Thursday, 15 August 2013

100 LPs Shortlist #35: Sting - "The Dream Of The Blue Turtles"

Sting - The Dream of the Blue Turtles

When one thinks of the biggest and most successful artists of 1985, one might be inclined to think of Madonna or Cyndi Lauper, or even Michael Jackson. In fact the biggest selling LPs of the era were by Dire Straits ("Brothers In Arms") and Bruce Springsteen ("Born In The USA"). Not exactly the most "pop", in the strictest sense of the world. Even the other world conquering artist of the day, Prince, was making records that sold massively but were anything but typical pop fodder.

So Sting decides to put the Police on hold for the foreseeable future in 1984, after a massive world tour. In the middle of 1985 he returns with his first solo album, much of which sounds like a more radio-friendly version of many of the tracks from the last Police LP "Synchronicity", but there was hints of a more sophisticated musical direction coming, in the form of Jazz. He enlisted some of the hottest Jazz players of the day (most notably Branford and Wynton Marsalis) to add their musical touches to his sometimes too-clever songwriting.

I listened to this album quite a lot when it came out. The singles were all over the radio, but the album tracks are quite worthy too. I loved the single "Russians" at the time, even if, at age 9, I had very little knowledge of what it was about (I had no idea what Prince's "Darling Nikki" was about either as I happily spun my copy of "Purple Rain" on the turntable. Thankfully neither did my parents!)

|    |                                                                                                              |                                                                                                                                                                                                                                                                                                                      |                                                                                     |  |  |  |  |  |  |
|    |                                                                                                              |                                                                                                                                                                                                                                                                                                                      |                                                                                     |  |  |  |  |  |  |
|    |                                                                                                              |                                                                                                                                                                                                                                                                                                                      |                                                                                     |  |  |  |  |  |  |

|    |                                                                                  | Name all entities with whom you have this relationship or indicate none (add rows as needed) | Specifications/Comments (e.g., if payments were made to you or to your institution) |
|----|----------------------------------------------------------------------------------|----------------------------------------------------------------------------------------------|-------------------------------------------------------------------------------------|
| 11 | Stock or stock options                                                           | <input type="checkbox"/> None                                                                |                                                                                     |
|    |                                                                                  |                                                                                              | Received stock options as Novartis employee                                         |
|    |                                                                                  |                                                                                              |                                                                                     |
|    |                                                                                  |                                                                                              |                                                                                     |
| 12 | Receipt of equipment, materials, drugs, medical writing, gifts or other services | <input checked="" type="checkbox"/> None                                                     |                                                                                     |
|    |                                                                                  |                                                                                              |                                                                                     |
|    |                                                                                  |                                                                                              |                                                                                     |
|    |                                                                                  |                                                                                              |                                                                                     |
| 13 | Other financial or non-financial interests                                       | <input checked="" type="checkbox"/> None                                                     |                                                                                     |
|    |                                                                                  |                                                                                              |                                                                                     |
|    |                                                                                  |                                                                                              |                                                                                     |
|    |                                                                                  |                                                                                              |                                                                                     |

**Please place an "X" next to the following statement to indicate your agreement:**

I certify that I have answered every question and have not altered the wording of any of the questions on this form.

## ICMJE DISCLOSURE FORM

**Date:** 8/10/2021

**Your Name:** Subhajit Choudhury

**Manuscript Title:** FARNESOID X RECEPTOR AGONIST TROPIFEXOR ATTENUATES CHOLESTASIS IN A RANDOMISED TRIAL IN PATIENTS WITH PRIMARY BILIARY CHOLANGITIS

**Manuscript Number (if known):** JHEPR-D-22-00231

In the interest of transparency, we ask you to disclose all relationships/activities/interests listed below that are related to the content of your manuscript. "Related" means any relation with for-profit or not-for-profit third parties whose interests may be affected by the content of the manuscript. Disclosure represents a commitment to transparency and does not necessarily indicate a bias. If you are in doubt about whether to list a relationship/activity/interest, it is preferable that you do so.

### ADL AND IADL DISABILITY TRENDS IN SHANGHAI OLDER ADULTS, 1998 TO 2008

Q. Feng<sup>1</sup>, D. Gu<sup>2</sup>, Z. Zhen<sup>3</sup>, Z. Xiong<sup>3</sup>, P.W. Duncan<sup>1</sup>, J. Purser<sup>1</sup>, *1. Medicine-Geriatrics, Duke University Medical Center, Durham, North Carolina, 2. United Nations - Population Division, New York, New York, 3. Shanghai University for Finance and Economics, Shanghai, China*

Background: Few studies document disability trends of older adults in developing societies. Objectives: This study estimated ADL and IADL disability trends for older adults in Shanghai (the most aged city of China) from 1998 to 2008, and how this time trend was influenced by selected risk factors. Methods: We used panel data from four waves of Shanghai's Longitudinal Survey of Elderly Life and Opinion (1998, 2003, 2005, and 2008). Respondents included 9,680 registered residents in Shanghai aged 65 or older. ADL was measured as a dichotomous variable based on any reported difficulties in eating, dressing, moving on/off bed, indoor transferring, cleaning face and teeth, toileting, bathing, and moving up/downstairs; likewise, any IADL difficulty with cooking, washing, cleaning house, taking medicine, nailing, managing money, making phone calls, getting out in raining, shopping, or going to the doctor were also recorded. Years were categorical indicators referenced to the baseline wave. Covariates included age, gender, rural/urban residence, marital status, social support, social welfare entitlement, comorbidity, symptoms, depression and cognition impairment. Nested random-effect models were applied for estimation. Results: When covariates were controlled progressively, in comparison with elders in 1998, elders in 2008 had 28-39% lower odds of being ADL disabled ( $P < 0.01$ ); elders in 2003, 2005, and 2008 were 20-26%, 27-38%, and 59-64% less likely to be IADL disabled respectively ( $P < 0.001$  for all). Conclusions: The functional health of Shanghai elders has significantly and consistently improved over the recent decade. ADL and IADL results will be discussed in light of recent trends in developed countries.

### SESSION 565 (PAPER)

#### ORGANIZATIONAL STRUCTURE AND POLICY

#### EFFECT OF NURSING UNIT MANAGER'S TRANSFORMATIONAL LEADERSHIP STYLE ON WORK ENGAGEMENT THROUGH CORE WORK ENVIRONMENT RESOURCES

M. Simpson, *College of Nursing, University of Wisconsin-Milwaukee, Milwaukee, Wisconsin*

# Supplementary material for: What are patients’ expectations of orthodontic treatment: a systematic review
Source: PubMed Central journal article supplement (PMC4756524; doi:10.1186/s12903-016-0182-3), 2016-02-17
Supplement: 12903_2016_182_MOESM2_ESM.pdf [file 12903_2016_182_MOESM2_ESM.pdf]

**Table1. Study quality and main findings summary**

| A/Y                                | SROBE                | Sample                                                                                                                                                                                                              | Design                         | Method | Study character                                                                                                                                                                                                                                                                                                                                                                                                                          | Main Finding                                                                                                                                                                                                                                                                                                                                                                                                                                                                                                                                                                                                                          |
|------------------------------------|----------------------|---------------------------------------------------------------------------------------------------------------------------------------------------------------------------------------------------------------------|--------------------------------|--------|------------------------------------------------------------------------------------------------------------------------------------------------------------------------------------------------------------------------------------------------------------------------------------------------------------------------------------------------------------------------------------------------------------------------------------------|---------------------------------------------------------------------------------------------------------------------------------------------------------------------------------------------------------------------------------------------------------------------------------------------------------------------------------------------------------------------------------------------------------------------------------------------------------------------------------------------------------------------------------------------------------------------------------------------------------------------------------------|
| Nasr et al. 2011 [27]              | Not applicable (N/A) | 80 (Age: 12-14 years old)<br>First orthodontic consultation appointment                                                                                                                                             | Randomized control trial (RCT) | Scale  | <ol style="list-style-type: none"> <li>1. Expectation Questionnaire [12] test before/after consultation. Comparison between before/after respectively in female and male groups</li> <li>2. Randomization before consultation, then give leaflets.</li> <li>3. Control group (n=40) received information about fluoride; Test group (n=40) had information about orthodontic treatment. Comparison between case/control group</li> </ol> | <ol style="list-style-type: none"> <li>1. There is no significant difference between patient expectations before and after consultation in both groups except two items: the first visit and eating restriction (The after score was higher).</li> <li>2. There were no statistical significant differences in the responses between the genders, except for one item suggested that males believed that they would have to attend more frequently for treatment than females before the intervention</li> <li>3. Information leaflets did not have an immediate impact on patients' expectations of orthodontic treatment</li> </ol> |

This album is somewhat odd in the amount of musical styles that are covered in its brief 40 minutes. Bookended by the two main singles "If You Love Somebody, Set Them Free" and "Fortress Around Your Heart", these two songs wouldn't have sounded out of place on the Police album "Synchronicity". The other single "Love Is The Seventh Wave" is African music done almost totally on synths, which gives a rather odd texture to the piece. There is uber-serious and grown up darkness and brooding on "Children's Crusade" and "Consider Me Gone", frivolity on the Police remake "Shadows In The Rain", and a smooth jazz song about Anne Rice's character Lestat the Vampire on "Moon Over Bourbon Street".

There is only a small amount of filler on the record in the almost avant garde leaning title track, which has a small free jazz excursion in the middle of it.

All in all it makes quite a heavy listen for the young person, but I loved it regardless. Looking back, this is probably one of the earliest examples of "adult contemporary" music, or, in less flattering terms, one could say "Music for Stockbrokers to listen to in their Ferraris". It probably also did a lot to introduce a lot of listeners to Jazz, a music still foreign to most pop listeners. It probably also inspired a lot of other insipid attempts at this style of music in the years hencewith, not least from Sting himself...

Take a listen again for yourself.

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